I can't believe I forgot to post this!! My reading list has improved steadily since drafting this post a couple of weeks ago, thanks to the "resolution" I made at the end of this post. But feel free to continue, Dear Readers. Perhaps I will have something important to contribute after all. In the meantime, I am off to compose a post about asparagus.
Sigh, I love rhymes. "Love" does not describe my book list for the past couple of months. Oi vay!
The Guernsey one with the ridiculous title // I don't like books that are written as a series of letters. Feels lazy to me. And I find it's really hard to pull off any character development or attachment when doing so. And this book definitely suffered for it. Not to mention the fact that it was just TOO sweet and cuddly. No thanks.
Before I Go To Sleep // Have you ever read a book and you couldn't figure out if it was a mystery, or a thriller, or a medical genre, or whatever until the very end? Turns out this was a thriller...sort of. Also, it's been adapted for the big screen. Hooray...
Left Neglected by Lisa Genova // Busy, business woman is rushing to work, multi-tasking with the phone, gets in a horrible accident, and loses the ability to recognize anything on the left side. The whole book is about her super Type-A, agreesive, competitive personality trying to adjust to living with "left neglect". I thought it was a made-up disorder (I'm a bastard). The play on words of the title? Lame. To be honest, I really couldn't feel any sympathy or connection with the protagonist. Not a smidge. I was more interested in her mother who *spoiler alert* up and dies near the end of the book and nary a word was spent on how. Bet this one will be a movie too. Apparently, this author is pretty awesome and everyone in the world loves her shit. Not this gal.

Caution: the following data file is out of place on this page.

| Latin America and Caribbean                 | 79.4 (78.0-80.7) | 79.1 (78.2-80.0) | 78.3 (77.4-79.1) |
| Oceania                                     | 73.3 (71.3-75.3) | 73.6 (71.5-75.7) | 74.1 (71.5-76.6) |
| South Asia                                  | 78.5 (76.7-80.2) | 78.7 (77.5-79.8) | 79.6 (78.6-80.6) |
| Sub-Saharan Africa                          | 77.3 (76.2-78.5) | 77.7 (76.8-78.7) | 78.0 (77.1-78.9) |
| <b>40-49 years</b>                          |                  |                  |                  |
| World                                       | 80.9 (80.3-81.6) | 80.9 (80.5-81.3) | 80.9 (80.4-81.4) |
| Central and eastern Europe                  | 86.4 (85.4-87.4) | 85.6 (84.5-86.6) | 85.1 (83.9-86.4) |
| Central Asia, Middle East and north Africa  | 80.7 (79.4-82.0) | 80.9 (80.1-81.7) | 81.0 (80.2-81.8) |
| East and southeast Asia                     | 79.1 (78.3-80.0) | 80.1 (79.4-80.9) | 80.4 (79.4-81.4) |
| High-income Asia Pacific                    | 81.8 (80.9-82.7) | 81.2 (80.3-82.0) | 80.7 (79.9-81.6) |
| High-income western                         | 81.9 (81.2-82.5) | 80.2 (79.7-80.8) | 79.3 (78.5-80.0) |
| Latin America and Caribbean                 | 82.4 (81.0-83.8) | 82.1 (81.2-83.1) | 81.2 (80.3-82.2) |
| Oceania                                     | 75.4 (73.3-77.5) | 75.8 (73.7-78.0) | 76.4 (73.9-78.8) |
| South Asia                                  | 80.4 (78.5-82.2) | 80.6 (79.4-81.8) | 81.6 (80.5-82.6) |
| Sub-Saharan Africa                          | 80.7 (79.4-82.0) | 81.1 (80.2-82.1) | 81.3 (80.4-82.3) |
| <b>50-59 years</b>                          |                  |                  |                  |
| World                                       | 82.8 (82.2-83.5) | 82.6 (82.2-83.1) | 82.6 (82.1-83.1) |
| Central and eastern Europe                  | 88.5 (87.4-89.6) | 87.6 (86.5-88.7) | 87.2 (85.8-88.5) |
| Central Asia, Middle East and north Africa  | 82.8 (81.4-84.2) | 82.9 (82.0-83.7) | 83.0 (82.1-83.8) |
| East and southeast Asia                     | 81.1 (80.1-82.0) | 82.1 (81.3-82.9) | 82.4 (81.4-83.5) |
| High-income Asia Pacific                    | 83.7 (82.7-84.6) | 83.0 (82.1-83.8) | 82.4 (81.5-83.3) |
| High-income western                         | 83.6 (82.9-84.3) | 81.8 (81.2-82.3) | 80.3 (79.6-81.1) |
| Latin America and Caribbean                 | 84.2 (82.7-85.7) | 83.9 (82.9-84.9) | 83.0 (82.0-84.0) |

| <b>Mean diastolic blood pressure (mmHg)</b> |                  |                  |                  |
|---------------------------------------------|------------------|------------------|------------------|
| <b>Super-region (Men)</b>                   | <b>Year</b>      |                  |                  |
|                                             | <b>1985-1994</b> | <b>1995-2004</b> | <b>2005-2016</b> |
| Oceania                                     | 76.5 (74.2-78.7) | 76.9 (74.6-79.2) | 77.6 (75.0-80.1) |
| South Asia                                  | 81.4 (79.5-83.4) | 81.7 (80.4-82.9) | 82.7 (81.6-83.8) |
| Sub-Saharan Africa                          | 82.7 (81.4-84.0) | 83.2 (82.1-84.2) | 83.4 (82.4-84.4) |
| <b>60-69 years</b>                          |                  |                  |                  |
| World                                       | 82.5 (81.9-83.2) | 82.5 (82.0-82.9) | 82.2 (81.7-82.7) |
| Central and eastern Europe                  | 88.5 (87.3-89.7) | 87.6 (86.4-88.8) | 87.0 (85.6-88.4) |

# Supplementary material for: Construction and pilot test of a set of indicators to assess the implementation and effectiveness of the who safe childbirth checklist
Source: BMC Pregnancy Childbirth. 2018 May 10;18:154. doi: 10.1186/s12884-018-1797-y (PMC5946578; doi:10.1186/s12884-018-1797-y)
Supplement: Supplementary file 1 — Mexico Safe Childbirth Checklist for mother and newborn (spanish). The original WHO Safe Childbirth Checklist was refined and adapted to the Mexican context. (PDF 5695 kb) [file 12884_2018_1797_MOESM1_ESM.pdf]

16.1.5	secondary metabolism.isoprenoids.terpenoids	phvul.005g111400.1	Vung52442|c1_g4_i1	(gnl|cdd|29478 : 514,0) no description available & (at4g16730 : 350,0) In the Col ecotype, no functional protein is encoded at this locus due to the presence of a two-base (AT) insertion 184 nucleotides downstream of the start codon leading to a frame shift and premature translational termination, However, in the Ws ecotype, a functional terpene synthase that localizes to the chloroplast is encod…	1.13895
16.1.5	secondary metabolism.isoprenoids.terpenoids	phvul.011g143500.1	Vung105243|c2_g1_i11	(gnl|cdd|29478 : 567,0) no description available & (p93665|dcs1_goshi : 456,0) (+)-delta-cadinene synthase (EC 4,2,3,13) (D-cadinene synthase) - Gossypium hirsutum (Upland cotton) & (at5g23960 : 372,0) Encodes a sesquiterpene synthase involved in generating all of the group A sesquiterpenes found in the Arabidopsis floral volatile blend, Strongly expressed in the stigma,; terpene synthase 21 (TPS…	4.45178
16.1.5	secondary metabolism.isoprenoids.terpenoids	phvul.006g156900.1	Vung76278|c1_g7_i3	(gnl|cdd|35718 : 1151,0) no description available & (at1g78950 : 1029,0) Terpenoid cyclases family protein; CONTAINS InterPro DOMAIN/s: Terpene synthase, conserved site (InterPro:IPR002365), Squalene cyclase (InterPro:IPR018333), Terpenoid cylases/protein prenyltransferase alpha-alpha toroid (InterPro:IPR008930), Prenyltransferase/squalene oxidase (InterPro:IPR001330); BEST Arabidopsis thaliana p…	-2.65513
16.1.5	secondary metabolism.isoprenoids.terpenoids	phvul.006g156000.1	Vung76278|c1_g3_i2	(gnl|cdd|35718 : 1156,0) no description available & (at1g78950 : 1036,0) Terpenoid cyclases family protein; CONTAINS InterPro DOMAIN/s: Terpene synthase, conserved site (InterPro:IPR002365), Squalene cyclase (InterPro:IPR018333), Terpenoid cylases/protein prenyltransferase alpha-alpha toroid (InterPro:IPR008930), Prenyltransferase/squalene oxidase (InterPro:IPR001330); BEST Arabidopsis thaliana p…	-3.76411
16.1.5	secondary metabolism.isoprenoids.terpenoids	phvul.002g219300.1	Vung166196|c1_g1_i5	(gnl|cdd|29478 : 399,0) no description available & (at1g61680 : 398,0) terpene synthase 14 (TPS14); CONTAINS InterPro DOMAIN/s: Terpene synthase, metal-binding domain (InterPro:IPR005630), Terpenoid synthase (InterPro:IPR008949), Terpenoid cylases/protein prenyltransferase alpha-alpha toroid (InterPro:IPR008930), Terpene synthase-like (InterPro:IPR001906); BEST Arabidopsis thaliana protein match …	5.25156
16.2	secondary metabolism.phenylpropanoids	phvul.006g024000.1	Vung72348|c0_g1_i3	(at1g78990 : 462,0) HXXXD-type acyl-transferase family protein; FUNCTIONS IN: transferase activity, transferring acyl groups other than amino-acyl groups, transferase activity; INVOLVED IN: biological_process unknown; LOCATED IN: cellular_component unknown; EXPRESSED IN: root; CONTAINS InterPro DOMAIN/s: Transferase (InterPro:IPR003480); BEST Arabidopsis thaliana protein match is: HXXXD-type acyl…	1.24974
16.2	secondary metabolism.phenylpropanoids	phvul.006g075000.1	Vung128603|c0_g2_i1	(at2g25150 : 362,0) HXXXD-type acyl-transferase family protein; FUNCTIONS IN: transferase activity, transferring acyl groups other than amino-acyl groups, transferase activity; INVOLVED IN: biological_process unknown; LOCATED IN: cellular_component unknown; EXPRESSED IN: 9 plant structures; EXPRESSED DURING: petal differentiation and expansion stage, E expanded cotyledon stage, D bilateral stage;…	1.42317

The Kindness of Strangers by Katrina Kittle // A small town is rocked by the discovery that two of it's most prominent citizens have been part of a child pornography group for years, taking it as far as abusing their son. Widowed mother of two boys herself, who considered herself to be the best friend of the abused's mother, takes the boy into her home, and...yeah. The ick factor was high with this book, so if you have any triggers for sexual abuse do not read it! I loved the characters. I loved their unique identities, and their independent struggles in dealing with this tragedy in their community. It was sad and beautiful, and it has a happy ending!
The Rosie Project by Graeme Simsion // Part of me really enjoyed this book, part of me really wanted to enjoy this book more, and part of me was not impressed. It's an interesting premise, a gentleman with a host of social anxiety issues wants to find a wife. So he devises a ridiculous questionnaire, a la dating websites, that will live up to exacting (and mind-numbing) requirements. Plot diversions, a jackass best friend, and a wacky love interest stir things up, all with an Australian accent! I was mildly disturbed at how nonchalantly ladies were treated like passing fancies, or commodities, and the asshole behaviours of the man male leads. But I suppose that was the point? But it was kind of funny and "cute", in a rom-com sort of way. Oh right...it's because it was written as a screenplay. The cocktail mixing scene was very amusing, but of the whole book that's the only thing that really stands out. Not bound for the rubbish heap, but not on my re-read list either.
It feels like I read a load of junk these past couple of months! Argh! Lame characters, uninspired writing, boring plotlines. I hope I get back on track for the summer. Either that, or something is seriously wrong with me, because all of these books got rave reviews and everyone (but me) loves the shit out of them.
Note to self: You don't like books that make it on to "Must Reads of the Year" lists...apparently...
If you need me, I will be feverishly scanning book lists on Goodreads, and then searching titles in the EPL databases, before putting them on hold.
And if that proves to be too much work, I'm just going to stick with what's safe: Margaret Atwood and Louis L'Amour and anything on this "science fiction-dystopia" list.
On a plus note, I have reached the halfway point of the year and my reading goal! Go Team!